O'NEIL: I don't know what you can do. Really, as far as me going in to Cooperstown. But I thank all of you that you feel the way that you feel. I feel that I could be in Cooperstown. I think I put the numbers down -- I put the numbers up that would lead you into the Hall of Fame. A lot of people there are talking about the other things I accomplished off the field, which is wonderful, but listen, I could play. I played a year and made one error. I hit the ball, I just happened to be a line drive hitter, not the home run hitter. But I drove in the runs; I could do all these things.
But I think, you know, with me, my greatest accomplishment might have been starting the Negro League Baseball Museum here in Kansas City, which tells that story. So, if it's to be one day I might be in the Hall of Fame. But I just want to thank all of the people that felt the way that they are feeling right now. But don't weep for Buck. Just feel happy, like I am, being thankful, like I am, that I can do and have done the things that I did do.
OLBERMANN: I'm not going to try to talk you out of being OK with this. If this cup is half full, god bless you we could learn a lot of that from you. But I do want to ask you this, Ernie Banks said last night that he thinks the work of that special committee is not done yet, that it should not be disbanded and it has more people to elect and honor from the Negro leagues and whether it is Cannonball Dick Redding or it's John Donnellson or it is Minnie Monsoso or it is Buck O'Neil should there be another vote next year?
O'NEIL: Now, had I been elected, I was going to preach. Because I think everybody was on that list was qualified should be in the Hall of Fame, really. And that's what I was going to preach if I had been in. But now I can't preach that because they would be thinking I'm just preaching for Buck O'Neil.
OLBERMANN: I don't think anybody would ever think that. I've been asking for three nights now if the voters who did not vote for you or for Minnie Minoso, would identify themselves and at least explain what they were thinking. The voters all say they have been asked by the Hall of Fame to keep their voting confidential, Hall of Fame spokesman told me that's not true. They can talk if they want to. Do you have an opinion about that? Should they explain why they did or did not vote for anybody in particular including you?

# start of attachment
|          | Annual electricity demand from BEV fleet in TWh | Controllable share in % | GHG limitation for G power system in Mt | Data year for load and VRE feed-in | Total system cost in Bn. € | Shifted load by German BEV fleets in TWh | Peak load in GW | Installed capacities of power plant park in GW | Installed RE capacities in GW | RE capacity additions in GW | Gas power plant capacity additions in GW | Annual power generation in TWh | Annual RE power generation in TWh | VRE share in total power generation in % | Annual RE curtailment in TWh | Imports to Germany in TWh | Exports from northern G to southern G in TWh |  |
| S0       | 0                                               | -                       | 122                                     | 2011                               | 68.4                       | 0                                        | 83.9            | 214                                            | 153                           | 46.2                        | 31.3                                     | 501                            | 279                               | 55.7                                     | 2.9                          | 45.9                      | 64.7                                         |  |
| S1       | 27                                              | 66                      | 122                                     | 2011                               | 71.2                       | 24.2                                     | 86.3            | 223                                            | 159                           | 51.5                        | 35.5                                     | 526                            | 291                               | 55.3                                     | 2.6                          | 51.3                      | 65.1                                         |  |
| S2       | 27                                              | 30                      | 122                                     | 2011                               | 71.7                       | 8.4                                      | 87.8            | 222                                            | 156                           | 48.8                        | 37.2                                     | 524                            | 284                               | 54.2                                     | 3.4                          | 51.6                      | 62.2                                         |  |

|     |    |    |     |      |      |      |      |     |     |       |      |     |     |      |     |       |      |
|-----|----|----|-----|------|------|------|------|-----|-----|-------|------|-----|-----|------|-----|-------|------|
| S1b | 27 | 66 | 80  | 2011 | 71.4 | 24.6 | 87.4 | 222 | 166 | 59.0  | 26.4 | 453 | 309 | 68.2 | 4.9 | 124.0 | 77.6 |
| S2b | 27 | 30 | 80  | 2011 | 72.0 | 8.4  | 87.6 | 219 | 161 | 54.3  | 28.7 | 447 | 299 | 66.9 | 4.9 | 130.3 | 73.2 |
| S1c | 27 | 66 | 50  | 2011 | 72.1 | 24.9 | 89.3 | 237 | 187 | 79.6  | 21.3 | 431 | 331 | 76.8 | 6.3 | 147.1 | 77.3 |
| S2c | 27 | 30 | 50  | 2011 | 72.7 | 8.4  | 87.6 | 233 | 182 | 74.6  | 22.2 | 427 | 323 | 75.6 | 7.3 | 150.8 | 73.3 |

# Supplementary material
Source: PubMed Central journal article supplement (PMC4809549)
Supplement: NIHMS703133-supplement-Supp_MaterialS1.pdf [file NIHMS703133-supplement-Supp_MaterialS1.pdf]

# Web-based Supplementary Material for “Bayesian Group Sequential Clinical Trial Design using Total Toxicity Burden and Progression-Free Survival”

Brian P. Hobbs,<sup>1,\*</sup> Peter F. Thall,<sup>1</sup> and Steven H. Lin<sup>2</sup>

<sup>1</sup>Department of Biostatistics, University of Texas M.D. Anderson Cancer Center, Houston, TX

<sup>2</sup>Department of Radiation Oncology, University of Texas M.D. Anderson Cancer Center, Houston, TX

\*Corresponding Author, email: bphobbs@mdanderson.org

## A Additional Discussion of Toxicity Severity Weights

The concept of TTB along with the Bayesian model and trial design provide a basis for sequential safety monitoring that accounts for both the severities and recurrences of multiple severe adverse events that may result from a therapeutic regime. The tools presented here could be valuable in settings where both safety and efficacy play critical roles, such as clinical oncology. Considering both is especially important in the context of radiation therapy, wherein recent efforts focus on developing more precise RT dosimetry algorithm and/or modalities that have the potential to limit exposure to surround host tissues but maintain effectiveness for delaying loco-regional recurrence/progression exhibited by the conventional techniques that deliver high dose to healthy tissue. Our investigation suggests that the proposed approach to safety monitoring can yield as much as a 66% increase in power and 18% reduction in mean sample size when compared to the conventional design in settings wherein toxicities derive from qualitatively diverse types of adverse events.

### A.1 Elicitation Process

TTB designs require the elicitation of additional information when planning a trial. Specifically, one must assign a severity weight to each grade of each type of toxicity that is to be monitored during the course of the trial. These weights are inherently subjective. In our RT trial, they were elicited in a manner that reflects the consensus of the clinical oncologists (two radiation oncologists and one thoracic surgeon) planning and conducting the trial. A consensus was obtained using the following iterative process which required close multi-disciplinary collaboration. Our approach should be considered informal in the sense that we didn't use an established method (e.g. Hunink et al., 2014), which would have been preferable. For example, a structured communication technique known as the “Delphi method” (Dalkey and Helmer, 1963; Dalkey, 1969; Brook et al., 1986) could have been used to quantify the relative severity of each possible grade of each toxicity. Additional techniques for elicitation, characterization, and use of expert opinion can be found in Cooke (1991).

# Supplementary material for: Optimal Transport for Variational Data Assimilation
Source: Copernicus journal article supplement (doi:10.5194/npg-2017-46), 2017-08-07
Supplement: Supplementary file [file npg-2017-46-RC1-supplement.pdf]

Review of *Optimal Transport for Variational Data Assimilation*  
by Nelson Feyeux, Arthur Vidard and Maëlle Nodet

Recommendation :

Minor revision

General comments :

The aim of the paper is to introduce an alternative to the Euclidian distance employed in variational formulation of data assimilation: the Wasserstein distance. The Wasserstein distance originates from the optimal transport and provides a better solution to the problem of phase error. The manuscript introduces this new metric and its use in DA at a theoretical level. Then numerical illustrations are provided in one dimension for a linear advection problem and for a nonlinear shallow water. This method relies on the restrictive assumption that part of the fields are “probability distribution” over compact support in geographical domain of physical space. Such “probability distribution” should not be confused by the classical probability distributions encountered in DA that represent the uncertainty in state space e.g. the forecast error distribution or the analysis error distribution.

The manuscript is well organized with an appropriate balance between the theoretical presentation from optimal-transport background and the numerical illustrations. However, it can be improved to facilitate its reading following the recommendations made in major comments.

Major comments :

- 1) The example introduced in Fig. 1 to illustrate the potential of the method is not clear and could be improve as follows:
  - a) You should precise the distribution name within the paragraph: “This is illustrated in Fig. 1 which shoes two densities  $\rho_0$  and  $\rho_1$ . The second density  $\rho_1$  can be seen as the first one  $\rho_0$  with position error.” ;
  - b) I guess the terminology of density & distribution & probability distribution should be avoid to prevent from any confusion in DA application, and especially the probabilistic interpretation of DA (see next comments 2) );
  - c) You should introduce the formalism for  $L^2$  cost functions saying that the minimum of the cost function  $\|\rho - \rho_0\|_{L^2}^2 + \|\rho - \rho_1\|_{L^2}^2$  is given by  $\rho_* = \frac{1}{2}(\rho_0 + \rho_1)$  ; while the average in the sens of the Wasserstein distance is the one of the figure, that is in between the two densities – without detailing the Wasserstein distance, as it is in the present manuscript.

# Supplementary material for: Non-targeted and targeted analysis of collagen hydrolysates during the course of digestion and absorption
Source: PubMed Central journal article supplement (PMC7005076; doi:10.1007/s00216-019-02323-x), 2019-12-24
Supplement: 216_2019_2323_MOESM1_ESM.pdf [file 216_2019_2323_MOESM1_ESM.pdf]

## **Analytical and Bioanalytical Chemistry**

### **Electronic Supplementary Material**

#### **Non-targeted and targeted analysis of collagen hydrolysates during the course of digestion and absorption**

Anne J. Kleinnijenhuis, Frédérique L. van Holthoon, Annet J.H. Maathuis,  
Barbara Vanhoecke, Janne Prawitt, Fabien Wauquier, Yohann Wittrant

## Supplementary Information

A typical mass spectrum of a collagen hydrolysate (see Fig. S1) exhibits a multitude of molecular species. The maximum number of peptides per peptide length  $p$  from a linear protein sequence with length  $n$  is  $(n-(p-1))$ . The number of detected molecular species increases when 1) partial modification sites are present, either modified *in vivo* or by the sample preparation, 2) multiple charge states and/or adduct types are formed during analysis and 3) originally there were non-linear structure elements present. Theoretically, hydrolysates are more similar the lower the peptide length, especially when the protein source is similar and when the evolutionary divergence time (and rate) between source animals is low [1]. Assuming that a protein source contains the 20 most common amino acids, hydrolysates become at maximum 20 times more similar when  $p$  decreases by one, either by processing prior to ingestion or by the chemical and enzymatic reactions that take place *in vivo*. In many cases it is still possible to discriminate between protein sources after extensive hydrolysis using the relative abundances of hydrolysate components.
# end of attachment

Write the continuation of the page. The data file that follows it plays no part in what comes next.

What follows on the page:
O'NEIL: They should if they wanted to. If they wanted to explain why they didn't vote for Buck, yes, they should, they should have that privilege to do or not to do. But I don't see why they wouldn't explain why they didn't. I don't know why they would or wouldn't. But we'll see. Maybe somebody will come and say something after while.
OLBERMANN: Let me ask you before we go about the great star of the Chicago White Sox Minnie Monoso who didn't get to play in the majors until he was 28. Basically because of first cousin barrier, then because of quota system. Sixth highest batting average from 1951 to 1963. And just like you a great ambassador for the game, if you are not mad about Buck O'Neil not getting into the Hall of Fame are you mad about Minnie Minoso not getting into the Hall of Fame?
O'NEIL: I don't think Minnie should have been on this ballot, the Negro league ballet. Minnie Minoso should be on the major league ballet. He played in the Negro league maybe two years. But he put up the numbers in the major leagues and I think he should go in the Hall of Fame on that committee.
OLBERMANN: As you put up the numbers with the Kansas City Monarchs both as a player and a manager. Buck I said this 10 years ago when we sat down to talk about Jackie Robinson and I will say it again. It's an honor just to know you sir and thank you for everything you have done for baseball, thank you for everything you have done for this country.